Great question about one of my favorite lizards! But before we answer that, let's review a little bit about these amazing creatures.
Gila monsters are one of the largest lizards in North America, and one of only two truly venomous lizards that we know of. Their orange and black coloration warns potential predators of that venom, but also helps them blend into the shade of bushes and trees. Gila monsters live in the American southwest, mainly in the Sonoran Desert. There, they feed on young animals that nest on or below ground. This includes small lizard eggs (for juvenile Gilas), the eggs of ground-nesting birds, like quail, as well as young rats, mice, and even tiny young rabbits. And when they eat, they eat BIG. Sometimes, Gilas might eat more than a quarter of their own body mass in just one meal!
These colorful lizards have very low energy needs, and can store a lot of fat in their tails, helping them get through seasons that are too cold or hot to be very active. They are also good at storing water. Gila monsters can actually use their bladders as a water bottle. They can fill up on rainwater in the spring, then hold and pull from that water throughout the summer to help survive the annual dry season. So now that we know some basics, let's get back to your main question:
The short answer is: yes. Gila monsters are actually pretty good climbers. But here we get into an interesting difference between what an animal CAN do versus what it usually DOES. Gila monsters have long claws that they mainly use to dig for food (like buried eggs), or sometimes to modify burrows (they don't dig their own burrows). They can also use these claws to climb up trees when necessary.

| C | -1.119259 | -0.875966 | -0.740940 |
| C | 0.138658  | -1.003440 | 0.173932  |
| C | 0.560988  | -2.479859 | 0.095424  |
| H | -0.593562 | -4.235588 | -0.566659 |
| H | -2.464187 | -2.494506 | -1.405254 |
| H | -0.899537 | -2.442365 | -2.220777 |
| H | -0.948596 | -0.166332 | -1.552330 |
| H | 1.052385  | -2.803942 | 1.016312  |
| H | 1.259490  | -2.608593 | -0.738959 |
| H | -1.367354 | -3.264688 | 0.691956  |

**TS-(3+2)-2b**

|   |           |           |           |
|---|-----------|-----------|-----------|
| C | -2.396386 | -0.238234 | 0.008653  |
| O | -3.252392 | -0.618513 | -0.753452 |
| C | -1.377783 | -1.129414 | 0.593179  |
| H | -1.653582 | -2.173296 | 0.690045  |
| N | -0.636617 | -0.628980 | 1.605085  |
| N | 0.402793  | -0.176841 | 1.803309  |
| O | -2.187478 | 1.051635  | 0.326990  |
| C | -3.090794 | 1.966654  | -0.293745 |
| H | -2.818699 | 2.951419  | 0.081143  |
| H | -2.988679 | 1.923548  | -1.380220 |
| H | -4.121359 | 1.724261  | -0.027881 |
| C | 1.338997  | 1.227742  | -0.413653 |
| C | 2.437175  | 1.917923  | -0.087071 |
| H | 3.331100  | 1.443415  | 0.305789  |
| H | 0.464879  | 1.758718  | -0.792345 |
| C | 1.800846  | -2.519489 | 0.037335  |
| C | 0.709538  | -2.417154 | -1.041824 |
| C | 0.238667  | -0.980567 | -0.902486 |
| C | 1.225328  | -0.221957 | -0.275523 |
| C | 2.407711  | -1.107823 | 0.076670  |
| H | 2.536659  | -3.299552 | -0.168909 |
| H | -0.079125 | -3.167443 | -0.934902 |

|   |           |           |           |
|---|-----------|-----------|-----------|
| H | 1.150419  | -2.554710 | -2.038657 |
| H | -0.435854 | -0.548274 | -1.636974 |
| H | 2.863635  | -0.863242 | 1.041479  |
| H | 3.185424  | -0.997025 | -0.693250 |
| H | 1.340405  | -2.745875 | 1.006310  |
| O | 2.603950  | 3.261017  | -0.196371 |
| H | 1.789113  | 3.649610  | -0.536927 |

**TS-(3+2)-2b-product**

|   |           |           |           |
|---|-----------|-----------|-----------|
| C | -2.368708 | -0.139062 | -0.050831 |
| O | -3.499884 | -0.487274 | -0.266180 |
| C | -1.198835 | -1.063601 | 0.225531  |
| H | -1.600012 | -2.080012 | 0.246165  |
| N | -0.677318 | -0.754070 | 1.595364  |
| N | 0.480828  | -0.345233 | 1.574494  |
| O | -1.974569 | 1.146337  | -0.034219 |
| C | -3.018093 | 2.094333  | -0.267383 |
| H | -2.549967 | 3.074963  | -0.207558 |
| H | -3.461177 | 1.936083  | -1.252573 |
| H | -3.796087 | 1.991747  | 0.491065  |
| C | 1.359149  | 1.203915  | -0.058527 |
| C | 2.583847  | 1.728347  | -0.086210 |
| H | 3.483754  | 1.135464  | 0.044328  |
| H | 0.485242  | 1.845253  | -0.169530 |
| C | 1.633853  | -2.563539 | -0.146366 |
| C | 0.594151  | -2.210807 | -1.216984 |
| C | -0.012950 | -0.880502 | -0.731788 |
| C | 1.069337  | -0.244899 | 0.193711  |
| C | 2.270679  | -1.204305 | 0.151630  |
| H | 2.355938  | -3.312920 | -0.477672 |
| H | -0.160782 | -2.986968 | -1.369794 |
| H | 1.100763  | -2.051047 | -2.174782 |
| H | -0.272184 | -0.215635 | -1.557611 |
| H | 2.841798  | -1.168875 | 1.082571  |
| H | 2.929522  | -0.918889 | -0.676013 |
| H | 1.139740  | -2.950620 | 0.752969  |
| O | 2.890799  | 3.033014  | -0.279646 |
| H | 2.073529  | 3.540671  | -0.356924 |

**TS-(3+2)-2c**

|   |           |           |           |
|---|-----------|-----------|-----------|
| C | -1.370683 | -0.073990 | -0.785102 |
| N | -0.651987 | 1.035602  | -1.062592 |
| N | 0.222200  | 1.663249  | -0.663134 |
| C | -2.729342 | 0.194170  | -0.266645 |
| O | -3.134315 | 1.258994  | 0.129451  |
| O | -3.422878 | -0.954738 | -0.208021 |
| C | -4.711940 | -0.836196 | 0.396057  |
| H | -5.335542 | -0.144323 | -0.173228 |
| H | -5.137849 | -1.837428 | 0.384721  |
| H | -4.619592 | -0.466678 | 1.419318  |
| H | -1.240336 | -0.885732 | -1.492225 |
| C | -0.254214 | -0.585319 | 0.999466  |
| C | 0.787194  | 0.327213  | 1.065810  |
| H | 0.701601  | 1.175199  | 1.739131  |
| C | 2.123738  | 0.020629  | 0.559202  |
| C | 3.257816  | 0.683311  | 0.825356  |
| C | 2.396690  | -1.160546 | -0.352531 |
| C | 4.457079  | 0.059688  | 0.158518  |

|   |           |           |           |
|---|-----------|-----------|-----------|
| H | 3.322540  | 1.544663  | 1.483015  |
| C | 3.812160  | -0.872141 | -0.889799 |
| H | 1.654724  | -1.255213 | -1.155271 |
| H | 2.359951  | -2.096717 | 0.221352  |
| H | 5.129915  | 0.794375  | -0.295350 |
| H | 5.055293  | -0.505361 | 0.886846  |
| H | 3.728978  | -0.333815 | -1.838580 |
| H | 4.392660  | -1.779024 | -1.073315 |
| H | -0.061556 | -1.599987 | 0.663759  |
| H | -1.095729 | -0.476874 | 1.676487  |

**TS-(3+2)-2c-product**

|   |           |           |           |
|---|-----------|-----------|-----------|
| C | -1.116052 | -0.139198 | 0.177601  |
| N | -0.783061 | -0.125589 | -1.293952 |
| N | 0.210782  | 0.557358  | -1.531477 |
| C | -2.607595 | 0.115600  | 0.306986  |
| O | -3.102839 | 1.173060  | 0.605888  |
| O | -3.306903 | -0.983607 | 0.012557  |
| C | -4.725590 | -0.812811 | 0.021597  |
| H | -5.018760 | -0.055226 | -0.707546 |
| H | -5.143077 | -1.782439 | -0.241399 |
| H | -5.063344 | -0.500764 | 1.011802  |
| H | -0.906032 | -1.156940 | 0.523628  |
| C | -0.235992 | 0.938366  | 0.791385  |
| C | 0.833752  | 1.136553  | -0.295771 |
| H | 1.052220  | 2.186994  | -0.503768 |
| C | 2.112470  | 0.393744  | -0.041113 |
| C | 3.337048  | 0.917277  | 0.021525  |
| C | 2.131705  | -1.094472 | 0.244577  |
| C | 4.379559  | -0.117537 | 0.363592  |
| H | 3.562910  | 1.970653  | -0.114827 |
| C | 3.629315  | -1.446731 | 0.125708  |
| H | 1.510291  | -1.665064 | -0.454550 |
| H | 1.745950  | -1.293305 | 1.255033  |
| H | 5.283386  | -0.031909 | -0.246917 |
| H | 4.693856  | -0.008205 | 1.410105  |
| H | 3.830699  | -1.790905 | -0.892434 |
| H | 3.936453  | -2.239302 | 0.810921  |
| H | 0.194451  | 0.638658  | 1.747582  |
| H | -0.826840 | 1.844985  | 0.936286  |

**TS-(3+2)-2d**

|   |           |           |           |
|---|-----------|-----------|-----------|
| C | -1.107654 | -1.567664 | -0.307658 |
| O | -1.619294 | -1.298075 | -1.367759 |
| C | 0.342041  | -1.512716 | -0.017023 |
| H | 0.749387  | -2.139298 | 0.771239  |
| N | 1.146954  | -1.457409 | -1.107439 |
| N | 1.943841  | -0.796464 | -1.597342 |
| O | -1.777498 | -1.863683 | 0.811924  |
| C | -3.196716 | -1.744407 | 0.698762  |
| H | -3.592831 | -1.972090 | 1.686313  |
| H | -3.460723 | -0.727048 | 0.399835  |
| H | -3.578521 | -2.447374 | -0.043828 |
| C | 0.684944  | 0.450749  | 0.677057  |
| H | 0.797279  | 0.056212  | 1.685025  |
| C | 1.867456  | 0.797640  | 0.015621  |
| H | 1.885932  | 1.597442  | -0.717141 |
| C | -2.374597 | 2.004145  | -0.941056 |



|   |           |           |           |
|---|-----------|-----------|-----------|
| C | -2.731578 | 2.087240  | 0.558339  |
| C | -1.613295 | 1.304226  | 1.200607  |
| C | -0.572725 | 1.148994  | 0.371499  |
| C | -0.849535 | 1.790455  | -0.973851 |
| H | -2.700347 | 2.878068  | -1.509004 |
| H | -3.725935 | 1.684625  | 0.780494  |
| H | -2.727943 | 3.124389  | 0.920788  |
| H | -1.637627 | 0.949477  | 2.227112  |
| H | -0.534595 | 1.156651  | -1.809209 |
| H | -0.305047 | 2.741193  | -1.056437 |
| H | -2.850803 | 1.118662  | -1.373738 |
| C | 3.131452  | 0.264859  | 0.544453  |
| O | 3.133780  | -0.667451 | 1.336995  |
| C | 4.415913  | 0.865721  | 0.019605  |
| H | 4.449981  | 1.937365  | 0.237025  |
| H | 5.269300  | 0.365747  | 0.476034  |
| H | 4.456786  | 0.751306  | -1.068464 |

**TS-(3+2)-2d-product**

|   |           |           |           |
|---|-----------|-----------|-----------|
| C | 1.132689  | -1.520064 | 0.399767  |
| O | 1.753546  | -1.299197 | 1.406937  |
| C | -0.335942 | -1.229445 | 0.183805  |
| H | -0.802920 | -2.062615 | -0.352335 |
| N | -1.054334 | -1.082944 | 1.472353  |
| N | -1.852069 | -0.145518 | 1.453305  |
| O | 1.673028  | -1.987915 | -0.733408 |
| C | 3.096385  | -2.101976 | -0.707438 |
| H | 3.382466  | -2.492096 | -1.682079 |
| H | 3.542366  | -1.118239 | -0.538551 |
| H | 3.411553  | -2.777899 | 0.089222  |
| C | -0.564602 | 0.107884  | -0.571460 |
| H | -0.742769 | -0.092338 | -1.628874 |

The video above shows a Gila monster climbing up a tree, and then back down. While it is interesting to see, climbing trees is not a common behavior for Gila monsters. The animal in this video accidentally wandered into a situation it suddenly realized could be dangerous. To get away from that danger, it decided to climb the nearest tree.
So, how often does this happen? (Or in other words, is this a behavior Gilas actually use regularly?) Well, there are only a handful of recorded observations of Gila monsters climbing trees. So in general, they likely don't climb trees much. Mostly, the times they've been observed climbing, they were trying to escape potential predators (like humans, as shown in the video). There is also one observation of a Gila that might have been climbing up to a low tree branch so that it could cool off a bit, as the ground was very warm.
"But wait," you might be thinking... "I've seen other pictures of big Gila monsters climbing trees." Well... not exactly. Most likely, what you saw in those pictures was one of the Gila monster's closest evolutionary cousins, a beaded lizard.
Beaded lizards look very similar to Gila monsters, but have much darker coloration that usually lacks the stripes, and they are much larger. They live in Mexico and Central America. They are the only other venomous lizard, and are a bit more feisty than Gilas. Beaded lizards have very long tails and extra long claws, both of which help them be spectacular climbers. They spend a lot of time up in trees, often looking for bird nests which hold one of their favorite meals—eggs or young birds. Though Gila monsters are found in one area of Mexico that also has Mexican beaded lizards, it's unlikely that you'll confuse the two once you've seen them in real life.
And if you do ever see any of these animals in real life, make sure to give them a lot of space and never try to handle them. Gila monsters and beaded lizards are great at defending themselves, with their sharp teeth and powerful venom. And if you ever get to see either climbing a tree (which is far more likely for beaded lizards), just watch from a distance and be thankful you were in the right place at the right time.
Learn more about the lives of Gila monsters in our story, Hardy Gilas.
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